Baseball is a game of unexpected results and outcomes, and Sunday afternoon was full of unexpected moments.
After losing the first game of the doubleheader 6-5, due in large part to a poor outing by Bob Feller, three home runs by Joe Dimaggio and leaving the tying and winning run in scoring position to end the game, Cleveland came back to win the second game 5-1. The Indians used Don Black’s best start of the season and four double plays to defeat nemesis, southpaw Ed Lopat.
The day didn’t go as originally planned, but earning their first win of the season against the Yankees and a split on the day in front of 78,431 fans was good enough for manager Lou Boudreau.
May 23, 1948
Big time players rise to the occasion on a big time stage.
The Yankees’ Joe DiMaggio rose higher than the Indians’ Bob Feller in front of the second largest crowd to ever watch a big league baseball game, and the biggest ever in Cleveland. DiMaggio hit three home runs and drove in all six runs for New York, while Feller could not hold an early four-run lead with 78,431 in the seats.
“I hit three once before,” DiMaggio said. “It was so long ago, I don’t remember the other team. I know it wasn’t Cleveland though.” DiMaggio hit three home runs once before, at St. Louis on June 13, 1937.
May 23, 1948
Joe Gordon knows what a good shortstop looks like when he sees one. He’s played with them his entire career.
For Gordon, today’s doubleheader between the New York Yankees and his Cleveland Indians is like the past meeting the present of his career. Gordon, originally a youthful Yankee, helped lead the Bronx Bombers make five World Series, winning four, prior to World War II. Now, Gordon is a veteran trying to help the Indians to their first World Series in 28 years.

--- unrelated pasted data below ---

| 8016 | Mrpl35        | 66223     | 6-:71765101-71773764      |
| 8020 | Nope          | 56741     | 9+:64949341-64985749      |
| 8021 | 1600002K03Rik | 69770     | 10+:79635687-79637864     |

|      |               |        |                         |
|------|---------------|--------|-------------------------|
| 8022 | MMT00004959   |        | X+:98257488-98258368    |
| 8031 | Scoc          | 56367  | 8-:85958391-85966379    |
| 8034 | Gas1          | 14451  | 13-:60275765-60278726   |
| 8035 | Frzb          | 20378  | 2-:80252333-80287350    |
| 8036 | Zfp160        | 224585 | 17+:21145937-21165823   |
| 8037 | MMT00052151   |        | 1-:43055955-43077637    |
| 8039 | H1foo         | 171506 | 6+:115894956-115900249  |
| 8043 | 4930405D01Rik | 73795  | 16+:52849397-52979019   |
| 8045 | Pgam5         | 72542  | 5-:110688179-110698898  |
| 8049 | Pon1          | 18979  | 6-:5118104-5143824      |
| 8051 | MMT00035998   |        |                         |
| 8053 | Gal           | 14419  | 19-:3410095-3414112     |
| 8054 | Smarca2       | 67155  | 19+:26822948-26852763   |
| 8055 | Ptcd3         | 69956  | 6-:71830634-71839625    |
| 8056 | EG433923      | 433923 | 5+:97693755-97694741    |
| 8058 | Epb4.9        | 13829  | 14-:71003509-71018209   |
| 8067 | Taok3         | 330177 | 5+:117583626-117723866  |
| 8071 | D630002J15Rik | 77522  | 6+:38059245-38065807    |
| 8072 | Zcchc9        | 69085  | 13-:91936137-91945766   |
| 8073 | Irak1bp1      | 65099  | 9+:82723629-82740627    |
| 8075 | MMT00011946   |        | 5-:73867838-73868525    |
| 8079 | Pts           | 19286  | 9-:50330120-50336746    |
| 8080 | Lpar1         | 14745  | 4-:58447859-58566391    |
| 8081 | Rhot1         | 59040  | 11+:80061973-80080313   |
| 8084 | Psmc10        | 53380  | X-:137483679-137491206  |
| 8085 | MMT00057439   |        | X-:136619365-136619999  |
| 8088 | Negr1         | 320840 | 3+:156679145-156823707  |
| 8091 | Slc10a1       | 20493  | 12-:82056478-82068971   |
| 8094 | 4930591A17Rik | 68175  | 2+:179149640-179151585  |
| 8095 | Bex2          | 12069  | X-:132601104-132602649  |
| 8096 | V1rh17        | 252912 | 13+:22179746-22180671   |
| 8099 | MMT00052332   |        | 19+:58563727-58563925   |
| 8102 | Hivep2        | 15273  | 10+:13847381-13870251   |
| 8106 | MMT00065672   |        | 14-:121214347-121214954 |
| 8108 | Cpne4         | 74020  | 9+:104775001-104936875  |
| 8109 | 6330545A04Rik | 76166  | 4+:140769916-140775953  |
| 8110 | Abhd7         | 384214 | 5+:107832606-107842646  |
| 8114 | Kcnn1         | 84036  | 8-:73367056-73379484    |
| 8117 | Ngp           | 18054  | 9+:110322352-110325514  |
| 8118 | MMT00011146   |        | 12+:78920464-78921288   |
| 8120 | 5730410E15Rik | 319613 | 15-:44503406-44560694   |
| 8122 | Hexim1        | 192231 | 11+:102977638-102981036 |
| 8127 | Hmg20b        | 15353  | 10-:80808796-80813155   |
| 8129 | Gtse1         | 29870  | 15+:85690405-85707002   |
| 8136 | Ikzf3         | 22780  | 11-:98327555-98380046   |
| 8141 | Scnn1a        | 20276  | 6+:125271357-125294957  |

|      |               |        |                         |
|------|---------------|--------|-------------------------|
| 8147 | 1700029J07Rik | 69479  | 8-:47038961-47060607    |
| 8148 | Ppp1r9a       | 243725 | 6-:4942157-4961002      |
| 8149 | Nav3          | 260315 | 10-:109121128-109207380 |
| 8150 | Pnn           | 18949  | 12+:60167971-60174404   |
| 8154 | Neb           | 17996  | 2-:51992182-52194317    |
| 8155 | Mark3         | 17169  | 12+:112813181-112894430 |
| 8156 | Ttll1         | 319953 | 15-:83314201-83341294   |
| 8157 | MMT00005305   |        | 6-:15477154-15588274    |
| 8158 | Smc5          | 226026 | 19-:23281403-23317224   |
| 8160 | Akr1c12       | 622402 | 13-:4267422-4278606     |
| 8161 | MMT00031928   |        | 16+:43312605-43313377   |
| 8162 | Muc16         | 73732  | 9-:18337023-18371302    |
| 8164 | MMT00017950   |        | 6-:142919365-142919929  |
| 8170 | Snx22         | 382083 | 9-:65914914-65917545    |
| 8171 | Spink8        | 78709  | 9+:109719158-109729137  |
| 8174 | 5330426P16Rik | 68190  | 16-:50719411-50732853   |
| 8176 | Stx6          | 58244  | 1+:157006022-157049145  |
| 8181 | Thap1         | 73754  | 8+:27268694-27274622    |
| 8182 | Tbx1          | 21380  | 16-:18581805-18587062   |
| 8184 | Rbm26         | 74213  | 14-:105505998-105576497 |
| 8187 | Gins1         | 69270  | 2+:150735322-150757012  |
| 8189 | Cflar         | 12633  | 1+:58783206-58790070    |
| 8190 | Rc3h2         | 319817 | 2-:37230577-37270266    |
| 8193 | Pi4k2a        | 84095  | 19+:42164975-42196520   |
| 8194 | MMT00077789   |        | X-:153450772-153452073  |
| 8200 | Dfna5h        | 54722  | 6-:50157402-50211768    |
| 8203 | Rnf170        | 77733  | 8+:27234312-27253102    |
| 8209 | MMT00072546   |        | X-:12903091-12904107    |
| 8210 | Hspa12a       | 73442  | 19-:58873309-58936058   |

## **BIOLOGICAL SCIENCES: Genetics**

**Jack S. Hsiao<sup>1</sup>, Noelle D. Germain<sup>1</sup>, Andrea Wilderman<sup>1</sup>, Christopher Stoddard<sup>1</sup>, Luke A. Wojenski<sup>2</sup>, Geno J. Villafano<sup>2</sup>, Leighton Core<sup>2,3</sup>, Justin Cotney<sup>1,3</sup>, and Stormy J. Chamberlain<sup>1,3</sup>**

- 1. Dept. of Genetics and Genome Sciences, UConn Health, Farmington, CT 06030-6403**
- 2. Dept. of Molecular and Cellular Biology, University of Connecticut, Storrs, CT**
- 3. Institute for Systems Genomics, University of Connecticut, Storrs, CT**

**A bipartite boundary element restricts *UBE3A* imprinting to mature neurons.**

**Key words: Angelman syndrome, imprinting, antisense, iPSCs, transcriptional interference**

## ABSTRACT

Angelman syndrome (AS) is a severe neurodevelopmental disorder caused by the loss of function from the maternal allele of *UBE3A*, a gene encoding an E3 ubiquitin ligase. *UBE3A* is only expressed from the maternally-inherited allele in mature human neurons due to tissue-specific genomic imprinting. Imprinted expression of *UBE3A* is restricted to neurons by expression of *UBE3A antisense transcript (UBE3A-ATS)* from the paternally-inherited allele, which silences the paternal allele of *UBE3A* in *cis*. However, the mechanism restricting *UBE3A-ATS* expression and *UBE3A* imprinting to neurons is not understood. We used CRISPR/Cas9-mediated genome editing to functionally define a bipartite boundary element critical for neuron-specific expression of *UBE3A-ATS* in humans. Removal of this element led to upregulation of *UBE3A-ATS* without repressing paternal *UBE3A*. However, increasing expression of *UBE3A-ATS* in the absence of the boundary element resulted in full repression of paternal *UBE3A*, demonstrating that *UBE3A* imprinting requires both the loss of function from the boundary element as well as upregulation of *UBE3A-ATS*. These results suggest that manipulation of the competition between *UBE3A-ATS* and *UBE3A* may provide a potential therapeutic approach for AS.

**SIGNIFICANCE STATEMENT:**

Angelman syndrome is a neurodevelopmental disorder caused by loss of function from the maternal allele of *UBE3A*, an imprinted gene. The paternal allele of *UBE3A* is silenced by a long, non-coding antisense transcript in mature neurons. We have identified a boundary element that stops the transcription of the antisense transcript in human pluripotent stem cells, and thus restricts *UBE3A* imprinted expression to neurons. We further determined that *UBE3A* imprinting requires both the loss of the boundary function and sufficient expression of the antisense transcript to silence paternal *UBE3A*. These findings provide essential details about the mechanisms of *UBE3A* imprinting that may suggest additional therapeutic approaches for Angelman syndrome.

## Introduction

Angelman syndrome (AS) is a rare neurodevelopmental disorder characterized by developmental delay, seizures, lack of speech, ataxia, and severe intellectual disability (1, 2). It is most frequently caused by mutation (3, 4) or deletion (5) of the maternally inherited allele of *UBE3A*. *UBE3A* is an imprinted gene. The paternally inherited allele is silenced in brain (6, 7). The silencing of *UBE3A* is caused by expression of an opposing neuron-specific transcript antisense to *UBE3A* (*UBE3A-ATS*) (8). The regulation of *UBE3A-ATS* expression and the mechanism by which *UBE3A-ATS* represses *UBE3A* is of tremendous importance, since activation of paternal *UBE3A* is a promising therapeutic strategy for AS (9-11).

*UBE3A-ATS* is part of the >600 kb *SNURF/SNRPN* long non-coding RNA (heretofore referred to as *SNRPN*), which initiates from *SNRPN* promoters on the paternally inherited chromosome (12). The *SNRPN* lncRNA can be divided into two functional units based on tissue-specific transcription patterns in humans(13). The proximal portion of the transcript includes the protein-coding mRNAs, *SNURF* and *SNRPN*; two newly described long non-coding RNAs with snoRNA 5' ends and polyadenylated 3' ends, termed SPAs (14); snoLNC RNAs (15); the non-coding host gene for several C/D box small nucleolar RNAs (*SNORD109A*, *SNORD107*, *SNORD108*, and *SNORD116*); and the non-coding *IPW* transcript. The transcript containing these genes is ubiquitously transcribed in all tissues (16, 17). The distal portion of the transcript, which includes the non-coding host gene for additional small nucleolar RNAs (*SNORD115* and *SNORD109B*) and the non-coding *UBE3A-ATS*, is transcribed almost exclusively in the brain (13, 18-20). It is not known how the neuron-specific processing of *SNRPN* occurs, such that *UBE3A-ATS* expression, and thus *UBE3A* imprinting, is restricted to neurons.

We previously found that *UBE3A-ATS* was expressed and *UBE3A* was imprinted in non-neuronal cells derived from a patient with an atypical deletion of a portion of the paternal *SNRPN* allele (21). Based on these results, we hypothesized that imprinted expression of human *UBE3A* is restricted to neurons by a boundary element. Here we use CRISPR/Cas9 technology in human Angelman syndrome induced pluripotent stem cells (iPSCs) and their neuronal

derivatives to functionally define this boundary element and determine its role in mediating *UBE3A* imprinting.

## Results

May 22, 1948
There are moments for every rookie looking to break into big league baseball and make a name for himself, moments that define you as mainstay or just a flash in the pan.
Saturday Tribe rookie Gene Bearden may have had one of those moments. It appears Bearden could be here to stay.
Bearden worked bases loaded jams in the first and third innings to escape without allowing a run and then only allowed three hits in the final six frames to shutout the Boston Red Sox 7-0 on Saturday afternoon in front of 28,997 spectators on this Ladies’ Day crowd. For Bearden, he now has made three starts on the season and won them all. Today’s test was against the best offense he had faced yet, the Red Sox much more powerful a team than either the Washington Senators or Philadelphia Athletics.
May 20, 1948
Thursday evening the Indians casually strolled to a victory over the Boston Red Sox by a score of 13-4 in front of 43,158 fans at Municipal Stadium.
While the Indians did tally another home run, adding to their league lead, they circled the bases even slower than their normal trot. On this evening, the Indians needed to only walk the bases in order to score all the runs necessary. Cleveland was the beneficiary of 18 walks issued by the Red Sox, tying a modern day major league record.
May 19, 1948
Indians starting pitcher Bob Feller pitched a three-hit gem and was aided by a five-run fifth inning, as Cleveland defeated Philadelphia by a 6-1 final on Wednesday night, completing the two-game sweep of Connie Mack’s Athletics.
The Indians jumped on the board in the bottom of the third. Catcher Jim Hegan singled to left and was sacrificed to second on a bunt by Feller. Thurman Tucker delivered a single to left, scoring Hegan from second and giving the Indians a 1-0 lead off of Philadelphia starter, Bill Dietrich.